NEW YORK — Sara Myers can’t speak for long because she runs out of breath; she is scared to eat because she could choke. After five years with Amyotrophic lateral sclerosis (ALS), she is ready to die.
Seated in a wheelchair in her spacious apartment in midtown Manhattan, she says with composure, “I don’t want to stay alive any longer than necessary with this disease.”
“My body is a torture chamber.”
Myers, 60, has lost all motor skills and is dependent on round-the-clock care because of ALS, also sometimes called Lou Gehrig’s disease, which kills certain nerve cells in the brain and spinal cord.
Myers, along with two other terminally ill patients, filed a case against New York State in February, asking a judge to issue an order protecting their doctors from criminal prosecution if they help them die.
Aid in dying — currently legal in Oregon, Washington, Vermont, New Hampshire and California — allows a mentally competent, terminally ill adult to legally request a prescription for a life-ending medication from their physician. The medication must be self-administered.
Myer said her doctors expect her to live for another year; she knows that the chances of the lawsuit being settled in that time are slim.
A Manhattan judge ruled against their wishes in October.
“In New York, as in most states, it is a crime to aid another to commit or attempt suicide,” said state civil judge Joan Kenney in her ruling. “But patients may refuse lifesaving medical treatment.”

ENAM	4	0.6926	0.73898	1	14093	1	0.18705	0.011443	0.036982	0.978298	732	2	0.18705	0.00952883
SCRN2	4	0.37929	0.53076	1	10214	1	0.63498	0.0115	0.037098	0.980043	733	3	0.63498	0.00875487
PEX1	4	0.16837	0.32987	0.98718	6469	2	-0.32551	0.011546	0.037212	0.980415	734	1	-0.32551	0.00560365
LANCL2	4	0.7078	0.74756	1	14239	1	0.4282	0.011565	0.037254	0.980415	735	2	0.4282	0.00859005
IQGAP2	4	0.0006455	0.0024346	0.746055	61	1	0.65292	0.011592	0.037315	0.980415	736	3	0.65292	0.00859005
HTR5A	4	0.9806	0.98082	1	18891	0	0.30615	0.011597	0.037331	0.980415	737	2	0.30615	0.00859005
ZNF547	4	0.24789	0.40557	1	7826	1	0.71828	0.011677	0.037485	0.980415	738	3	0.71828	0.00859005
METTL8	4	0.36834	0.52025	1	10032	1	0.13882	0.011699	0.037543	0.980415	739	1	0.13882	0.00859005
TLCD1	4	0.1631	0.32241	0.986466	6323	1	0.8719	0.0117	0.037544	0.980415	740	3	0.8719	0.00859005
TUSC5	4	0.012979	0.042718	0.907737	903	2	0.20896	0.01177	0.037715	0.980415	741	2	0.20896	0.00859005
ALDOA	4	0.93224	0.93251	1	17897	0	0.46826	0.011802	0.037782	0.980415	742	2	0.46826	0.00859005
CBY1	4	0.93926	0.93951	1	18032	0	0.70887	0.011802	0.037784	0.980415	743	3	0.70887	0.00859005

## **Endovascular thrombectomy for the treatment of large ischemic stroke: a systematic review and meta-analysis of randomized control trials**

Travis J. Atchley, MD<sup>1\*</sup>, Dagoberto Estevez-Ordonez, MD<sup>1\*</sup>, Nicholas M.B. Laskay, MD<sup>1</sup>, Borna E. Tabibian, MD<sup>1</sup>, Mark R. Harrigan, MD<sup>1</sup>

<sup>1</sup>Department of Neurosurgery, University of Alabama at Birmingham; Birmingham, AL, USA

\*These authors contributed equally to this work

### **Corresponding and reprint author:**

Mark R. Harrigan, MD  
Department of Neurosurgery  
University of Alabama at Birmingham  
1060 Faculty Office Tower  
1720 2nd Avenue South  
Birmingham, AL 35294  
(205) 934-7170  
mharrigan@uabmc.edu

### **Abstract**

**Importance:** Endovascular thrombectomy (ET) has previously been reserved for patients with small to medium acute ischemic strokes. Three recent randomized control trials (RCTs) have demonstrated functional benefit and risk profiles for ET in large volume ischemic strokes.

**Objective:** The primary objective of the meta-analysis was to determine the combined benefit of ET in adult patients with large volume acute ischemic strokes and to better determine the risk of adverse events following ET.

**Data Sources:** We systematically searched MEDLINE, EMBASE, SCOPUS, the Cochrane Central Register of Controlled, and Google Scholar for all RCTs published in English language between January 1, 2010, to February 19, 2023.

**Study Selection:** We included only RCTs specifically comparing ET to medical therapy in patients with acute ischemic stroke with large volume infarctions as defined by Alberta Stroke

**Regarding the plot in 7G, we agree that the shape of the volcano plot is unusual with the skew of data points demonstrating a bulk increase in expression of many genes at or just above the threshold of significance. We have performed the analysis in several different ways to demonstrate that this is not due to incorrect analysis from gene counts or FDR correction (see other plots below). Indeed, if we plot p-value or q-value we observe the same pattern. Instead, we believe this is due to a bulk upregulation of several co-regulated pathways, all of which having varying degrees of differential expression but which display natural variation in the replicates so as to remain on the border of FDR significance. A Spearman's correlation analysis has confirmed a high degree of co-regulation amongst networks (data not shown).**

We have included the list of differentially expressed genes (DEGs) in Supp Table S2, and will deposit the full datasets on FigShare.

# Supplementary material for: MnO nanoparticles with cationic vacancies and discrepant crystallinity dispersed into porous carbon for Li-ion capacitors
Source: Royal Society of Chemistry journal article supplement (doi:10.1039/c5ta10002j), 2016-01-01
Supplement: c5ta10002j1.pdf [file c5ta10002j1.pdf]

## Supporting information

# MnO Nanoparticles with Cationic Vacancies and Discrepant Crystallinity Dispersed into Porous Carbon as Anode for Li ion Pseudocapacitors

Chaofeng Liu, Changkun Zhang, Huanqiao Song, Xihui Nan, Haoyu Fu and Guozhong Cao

Still, she is determined to fight for what she believes to be a civil right for the terminally ill.
New York lawmakers like Sen. Diane Savino are hoping to capitalize on the momentum brought to the physician-assisted suicide after the high-profile case of 29-year-old Brittany Maynard, a terminal brain cancer patient who moved from California to Oregon to end her life in November, 2014 under Oregon’s Death with Dignity Act.
California legalized aid-in dying after Maynard’s case while New York has introduced the bill in state legislature.
In February, shortly after Myers filed her case, Savino, along with co-sponsor Sen. Brad Hoylman introduced the New York End of Life Options Act in the state legislature and is currently working on building support for the bill, which she estimates might take another two years to pass.
“This option will allow terminally ill patients to have some control over their life,” said Savino. “It is a decision they should be allowed to make.”
The fight will prove to be a tough one.
Immediately after the bill was announced Timothy Cardinal Dolan said the Church was launching an aggressive fight against efforts in New York to legalize the practice. The opposition was not just limited to religious groups but also faced criticism from disability rights advocates that have since increased their focus on mobilizing support against the passage of the bill and educating the public about its potential risks.